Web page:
A scene on a kalpis by the Berlin Painter in the Kunsthistorisches Museum (Vienna 3739; CVA, Austria 3, Vienna 3, pl. 140, nos. 1-3) of Artemis pouring a libation for Apollo is very similar to that on the Kelsey amphora. Apollo holds out a phiale, as did originally the youth on the Kelsey vase. Like the woman on the Kelsey amphora, the goddess, with her hair tied back in a net, wears a long chiton and himation and pulls her dress to the side with her left hand, a gesture which recalls that of marble korai of the archaic period.

The scene is most likely a sacrifice before a young warrior's departure for, or upon his return from, battle. There is a hoplite shield propped up behind him, incised, but never painted. The military subject of the scene reflects Athenian political events at the end of the first quarter of the fifth century B.C., after the Persians had been defeated in Greece. The wreath on the head of the old man suggests a festival of victory or thanksgiving, perhaps for the young warrior's safe return.

The Nolan shape is most favored by the Berlin Painter in his late period (475-465 B.C., according to Cardon, infra, p. 175). Two Nolans from the late period, one in Carlsruhe (Karlsruhe B 95, CVA, Germany 7, Carlsruhe 1, pl. 15, nos. 1,3) and the other in Manchester (Manchester, University Museum, 111.1.40), are similar to the Kelsey example in their decoration with two-figure scenes on the obverse and an ornamental band that extends completely around the body. In the late period there is also a decline in the Berlin Painter's style which becomes less inventive and inferior in execution. This is evident on the Kelsey amphora in several details. There are signs of haste and inconsistency in the painting of the palmettes beneath the handles, in the lotus-palmette floral band, in the awkward shoulder of the youth, in the few drops of black paint on the woman's cheek, in the careless application of the black glaze to the body of the pot, and in the reduction to a formula of certain facial features as well as the figural compositions. These features place the vase within the late period of the Berlin Painter's oeuvre, that is, probably early in the late period, ca. 475 B.C. For the Berlin Painter, see ARV2, 196ff.; Beazley 1930.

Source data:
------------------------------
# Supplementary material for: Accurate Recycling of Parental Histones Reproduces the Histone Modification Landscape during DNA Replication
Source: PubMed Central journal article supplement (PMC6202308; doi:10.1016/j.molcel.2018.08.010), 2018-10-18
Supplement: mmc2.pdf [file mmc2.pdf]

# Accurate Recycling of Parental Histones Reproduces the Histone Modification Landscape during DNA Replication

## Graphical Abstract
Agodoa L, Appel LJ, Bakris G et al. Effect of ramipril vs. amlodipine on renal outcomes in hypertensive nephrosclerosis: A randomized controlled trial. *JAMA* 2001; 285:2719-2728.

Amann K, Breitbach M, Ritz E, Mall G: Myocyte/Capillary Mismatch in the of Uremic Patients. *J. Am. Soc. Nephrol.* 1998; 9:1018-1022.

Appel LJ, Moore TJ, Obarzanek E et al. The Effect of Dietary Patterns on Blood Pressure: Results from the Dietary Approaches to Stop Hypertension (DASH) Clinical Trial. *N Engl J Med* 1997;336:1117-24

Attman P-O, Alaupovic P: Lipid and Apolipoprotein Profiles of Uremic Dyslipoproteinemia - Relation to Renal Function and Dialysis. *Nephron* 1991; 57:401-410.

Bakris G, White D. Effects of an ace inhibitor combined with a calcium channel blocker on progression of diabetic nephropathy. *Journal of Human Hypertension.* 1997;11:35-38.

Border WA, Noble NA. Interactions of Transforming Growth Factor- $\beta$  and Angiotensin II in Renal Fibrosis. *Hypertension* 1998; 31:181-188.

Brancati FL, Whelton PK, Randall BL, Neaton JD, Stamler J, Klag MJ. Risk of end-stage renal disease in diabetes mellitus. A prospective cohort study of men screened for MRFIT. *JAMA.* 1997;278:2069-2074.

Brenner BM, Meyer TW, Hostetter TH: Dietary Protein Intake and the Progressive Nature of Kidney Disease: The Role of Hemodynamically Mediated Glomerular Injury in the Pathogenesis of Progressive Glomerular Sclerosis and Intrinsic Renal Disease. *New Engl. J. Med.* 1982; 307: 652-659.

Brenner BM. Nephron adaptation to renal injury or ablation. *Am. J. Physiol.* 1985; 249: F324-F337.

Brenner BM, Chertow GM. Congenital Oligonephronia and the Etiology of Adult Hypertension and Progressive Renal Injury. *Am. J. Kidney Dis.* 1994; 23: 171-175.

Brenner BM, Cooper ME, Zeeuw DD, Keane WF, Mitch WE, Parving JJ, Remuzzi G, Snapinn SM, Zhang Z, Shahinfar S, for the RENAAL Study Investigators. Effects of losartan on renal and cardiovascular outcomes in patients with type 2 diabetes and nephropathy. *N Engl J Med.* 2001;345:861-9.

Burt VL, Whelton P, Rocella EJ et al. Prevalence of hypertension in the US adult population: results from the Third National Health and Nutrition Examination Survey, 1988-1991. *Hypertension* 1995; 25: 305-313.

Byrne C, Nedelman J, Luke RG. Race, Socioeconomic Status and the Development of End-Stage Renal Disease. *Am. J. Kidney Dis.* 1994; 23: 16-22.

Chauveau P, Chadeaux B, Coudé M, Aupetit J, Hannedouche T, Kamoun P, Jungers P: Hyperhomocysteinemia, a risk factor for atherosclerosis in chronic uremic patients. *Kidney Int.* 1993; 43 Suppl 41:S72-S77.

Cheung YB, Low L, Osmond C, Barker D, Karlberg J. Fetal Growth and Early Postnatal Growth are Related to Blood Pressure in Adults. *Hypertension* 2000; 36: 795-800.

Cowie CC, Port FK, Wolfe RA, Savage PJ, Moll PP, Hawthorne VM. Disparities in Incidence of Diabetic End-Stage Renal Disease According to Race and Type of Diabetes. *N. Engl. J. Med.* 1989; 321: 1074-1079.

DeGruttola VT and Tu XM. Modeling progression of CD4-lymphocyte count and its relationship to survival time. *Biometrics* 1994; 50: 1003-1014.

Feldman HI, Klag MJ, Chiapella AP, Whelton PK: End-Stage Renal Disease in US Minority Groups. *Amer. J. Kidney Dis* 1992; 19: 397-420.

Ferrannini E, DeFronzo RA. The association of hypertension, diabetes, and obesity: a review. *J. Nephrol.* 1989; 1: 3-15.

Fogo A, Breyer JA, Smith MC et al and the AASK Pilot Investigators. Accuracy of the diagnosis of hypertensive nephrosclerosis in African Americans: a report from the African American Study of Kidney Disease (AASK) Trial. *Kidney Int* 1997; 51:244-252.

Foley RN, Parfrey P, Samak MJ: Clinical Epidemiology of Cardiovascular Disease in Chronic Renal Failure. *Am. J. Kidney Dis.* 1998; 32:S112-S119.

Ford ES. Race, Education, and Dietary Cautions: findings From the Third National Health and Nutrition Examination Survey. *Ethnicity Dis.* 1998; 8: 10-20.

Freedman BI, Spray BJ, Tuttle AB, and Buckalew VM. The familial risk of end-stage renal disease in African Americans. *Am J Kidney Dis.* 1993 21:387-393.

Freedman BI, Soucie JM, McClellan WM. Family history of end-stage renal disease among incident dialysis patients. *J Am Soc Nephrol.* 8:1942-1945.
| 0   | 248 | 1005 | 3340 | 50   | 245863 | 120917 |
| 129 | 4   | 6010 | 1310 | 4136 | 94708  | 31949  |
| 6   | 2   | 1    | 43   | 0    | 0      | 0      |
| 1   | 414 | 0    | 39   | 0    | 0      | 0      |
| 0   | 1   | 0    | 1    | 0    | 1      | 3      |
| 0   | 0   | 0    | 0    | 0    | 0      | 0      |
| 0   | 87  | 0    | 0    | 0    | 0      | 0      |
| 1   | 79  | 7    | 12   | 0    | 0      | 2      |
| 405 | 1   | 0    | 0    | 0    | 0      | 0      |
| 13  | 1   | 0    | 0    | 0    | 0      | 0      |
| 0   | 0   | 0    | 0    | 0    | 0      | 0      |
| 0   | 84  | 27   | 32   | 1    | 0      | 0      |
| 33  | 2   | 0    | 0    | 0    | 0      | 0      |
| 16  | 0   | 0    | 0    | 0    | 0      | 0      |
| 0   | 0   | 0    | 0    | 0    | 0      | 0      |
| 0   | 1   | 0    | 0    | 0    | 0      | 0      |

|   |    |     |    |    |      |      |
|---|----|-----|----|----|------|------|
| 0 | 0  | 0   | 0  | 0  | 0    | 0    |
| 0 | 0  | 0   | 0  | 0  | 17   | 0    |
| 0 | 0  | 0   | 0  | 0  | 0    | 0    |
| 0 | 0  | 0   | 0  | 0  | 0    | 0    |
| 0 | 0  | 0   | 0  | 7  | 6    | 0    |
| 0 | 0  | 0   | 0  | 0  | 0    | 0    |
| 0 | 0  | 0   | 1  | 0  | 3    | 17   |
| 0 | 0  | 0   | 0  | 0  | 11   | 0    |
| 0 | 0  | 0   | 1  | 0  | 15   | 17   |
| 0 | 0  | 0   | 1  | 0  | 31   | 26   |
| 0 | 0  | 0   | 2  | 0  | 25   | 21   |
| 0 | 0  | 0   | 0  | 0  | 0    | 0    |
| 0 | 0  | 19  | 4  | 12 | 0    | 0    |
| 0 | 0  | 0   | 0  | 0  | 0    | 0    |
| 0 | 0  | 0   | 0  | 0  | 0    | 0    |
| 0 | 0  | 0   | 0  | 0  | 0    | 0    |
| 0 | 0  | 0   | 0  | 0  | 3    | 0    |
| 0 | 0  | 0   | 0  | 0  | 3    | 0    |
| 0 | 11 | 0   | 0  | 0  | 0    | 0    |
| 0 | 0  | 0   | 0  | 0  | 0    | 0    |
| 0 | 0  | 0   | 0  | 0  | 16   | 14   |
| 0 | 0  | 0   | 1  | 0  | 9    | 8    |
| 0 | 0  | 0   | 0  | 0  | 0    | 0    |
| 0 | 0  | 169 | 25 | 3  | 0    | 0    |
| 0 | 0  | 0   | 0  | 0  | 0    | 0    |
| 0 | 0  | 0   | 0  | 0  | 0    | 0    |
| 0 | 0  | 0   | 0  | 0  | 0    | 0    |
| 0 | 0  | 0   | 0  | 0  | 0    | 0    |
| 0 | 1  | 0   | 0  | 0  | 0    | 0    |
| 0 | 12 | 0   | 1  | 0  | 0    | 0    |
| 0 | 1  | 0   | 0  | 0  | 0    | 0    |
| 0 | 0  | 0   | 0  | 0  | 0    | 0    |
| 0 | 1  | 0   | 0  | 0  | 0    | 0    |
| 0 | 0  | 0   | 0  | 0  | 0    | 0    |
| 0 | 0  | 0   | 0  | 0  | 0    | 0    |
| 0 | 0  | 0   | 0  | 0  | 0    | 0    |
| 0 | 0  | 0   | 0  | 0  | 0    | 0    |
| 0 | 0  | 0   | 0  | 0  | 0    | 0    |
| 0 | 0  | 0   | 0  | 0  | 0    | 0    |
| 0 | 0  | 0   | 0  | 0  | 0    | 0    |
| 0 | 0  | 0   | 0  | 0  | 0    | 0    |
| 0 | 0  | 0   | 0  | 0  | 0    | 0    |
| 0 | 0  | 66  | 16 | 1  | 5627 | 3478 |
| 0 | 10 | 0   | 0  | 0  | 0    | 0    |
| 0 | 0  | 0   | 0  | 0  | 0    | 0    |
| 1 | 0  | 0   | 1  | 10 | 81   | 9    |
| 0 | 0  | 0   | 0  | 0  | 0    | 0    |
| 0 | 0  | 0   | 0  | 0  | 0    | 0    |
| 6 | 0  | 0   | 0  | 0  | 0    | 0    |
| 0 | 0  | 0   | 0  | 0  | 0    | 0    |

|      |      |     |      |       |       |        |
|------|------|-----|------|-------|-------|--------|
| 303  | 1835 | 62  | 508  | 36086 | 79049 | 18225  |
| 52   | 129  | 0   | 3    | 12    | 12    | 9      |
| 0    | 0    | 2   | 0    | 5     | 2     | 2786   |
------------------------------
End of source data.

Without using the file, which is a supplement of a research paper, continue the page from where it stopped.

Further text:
C. M. Cardon, The Berlin Painter and His School (Dissertation, New York University 1977) 175, no. 243, pl. XCIX; Cat. Christie's (London, July 6, 1976) no. 62, pl. 19.

Jill Brinnon Bace, Kelsey Museum of Archaeology, The University of Michigan